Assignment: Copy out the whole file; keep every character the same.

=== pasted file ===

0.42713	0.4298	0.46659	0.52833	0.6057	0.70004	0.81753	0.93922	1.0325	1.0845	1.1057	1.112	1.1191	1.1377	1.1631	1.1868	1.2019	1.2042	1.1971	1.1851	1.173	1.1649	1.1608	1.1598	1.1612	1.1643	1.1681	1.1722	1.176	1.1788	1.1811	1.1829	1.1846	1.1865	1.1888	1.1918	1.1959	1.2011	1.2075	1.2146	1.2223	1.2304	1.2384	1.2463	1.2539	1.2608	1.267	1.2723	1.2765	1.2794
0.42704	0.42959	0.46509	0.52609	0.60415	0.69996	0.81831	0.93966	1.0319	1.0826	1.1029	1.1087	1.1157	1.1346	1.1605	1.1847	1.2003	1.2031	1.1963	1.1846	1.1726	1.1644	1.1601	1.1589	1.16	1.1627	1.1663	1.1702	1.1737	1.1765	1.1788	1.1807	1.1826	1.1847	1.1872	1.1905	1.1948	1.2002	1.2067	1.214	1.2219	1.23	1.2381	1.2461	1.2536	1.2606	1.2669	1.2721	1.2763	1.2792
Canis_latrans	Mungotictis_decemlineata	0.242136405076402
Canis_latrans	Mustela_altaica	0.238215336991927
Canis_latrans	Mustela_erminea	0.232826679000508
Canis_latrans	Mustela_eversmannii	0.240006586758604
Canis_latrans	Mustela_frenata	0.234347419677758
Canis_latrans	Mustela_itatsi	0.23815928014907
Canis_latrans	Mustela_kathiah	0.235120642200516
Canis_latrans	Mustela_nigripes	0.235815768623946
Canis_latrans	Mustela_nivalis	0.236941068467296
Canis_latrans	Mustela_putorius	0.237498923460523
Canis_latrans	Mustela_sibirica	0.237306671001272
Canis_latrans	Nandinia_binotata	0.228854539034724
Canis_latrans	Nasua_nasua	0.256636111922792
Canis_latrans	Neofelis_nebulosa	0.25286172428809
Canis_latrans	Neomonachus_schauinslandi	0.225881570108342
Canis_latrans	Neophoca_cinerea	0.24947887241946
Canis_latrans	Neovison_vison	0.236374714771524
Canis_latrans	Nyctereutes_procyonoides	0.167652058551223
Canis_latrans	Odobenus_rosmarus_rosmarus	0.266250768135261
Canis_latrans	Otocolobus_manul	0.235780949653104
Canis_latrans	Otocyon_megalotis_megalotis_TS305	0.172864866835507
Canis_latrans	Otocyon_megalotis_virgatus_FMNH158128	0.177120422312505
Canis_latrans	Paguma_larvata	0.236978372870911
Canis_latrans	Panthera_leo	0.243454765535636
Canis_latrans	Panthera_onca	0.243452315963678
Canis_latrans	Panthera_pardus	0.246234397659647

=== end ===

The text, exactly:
0.42713	0.4298	0.46659	0.52833	0.6057	0.70004	0.81753	0.93922	1.0325	1.0845	1.1057	1.112	1.1191	1.1377	1.1631	1.1868	1.2019	1.2042	1.1971	1.1851	1.173	1.1649	1.1608	1.1598	1.1612	1.1643	1.1681	1.1722	1.176	1.1788	1.1811	1.1829	1.1846	1.1865	1.1888	1.1918	1.1959	1.2011	1.2075	1.2146	1.2223	1.2304	1.2384	1.2463	1.2539	1.2608	1.267	1.2723	1.2765	1.2794
0.42704	0.42959	0.46509	0.52609	0.60415	0.69996	0.81831	0.93966	1.0319	1.0826	1.1029	1.1087	1.1157	1.1346	1.1605	1.1847	1.2003	1.2031	1.1963	1.1846	1.1726	1.1644	1.1601	1.1589	1.16	1.1627	1.1663	1.1702	1.1737	1.1765	1.1788	1.1807	1.1826	1.1847	1.1872	1.1905	1.1948	1.2002	1.2067	1.214	1.2219	1.23	1.2381	1.2461	1.2536	1.2606	1.2669	1.2721	1.2763	1.2792
Canis_latrans	Mungotictis_decemlineata	0.242136405076402
Canis_latrans	Mustela_altaica	0.238215336991927
Canis_latrans	Mustela_erminea	0.232826679000508
Canis_latrans	Mustela_eversmannii	0.240006586758604
Canis_latrans	Mustela_frenata	0.234347419677758
Canis_latrans	Mustela_itatsi	0.23815928014907
Canis_latrans	Mustela_kathiah	0.235120642200516
Canis_latrans	Mustela_nigripes	0.235815768623946
Canis_latrans	Mustela_nivalis	0.236941068467296
Canis_latrans	Mustela_putorius	0.237498923460523
Canis_latrans	Mustela_sibirica	0.237306671001272
Canis_latrans	Nandinia_binotata	0.228854539034724
Canis_latrans	Nasua_nasua	0.256636111922792
Canis_latrans	Neofelis_nebulosa	0.25286172428809
Canis_latrans	Neomonachus_schauinslandi	0.225881570108342
Canis_latrans	Neophoca_cinerea	0.24947887241946
Canis_latrans	Neovison_vison	0.236374714771524
Canis_latrans	Nyctereutes_procyonoides	0.167652058551223
Canis_latrans	Odobenus_rosmarus_rosmarus	0.266250768135261
Canis_latrans	Otocolobus_manul	0.235780949653104
Canis_latrans	Otocyon_megalotis_megalotis_TS305	0.172864866835507
Canis_latrans	Otocyon_megalotis_virgatus_FMNH158128	0.177120422312505
Canis_latrans	Paguma_larvata	0.236978372870911
Canis_latrans	Panthera_leo	0.243454765535636
Canis_latrans	Panthera_onca	0.243452315963678
Canis_latrans	Panthera_pardus	0.246234397659647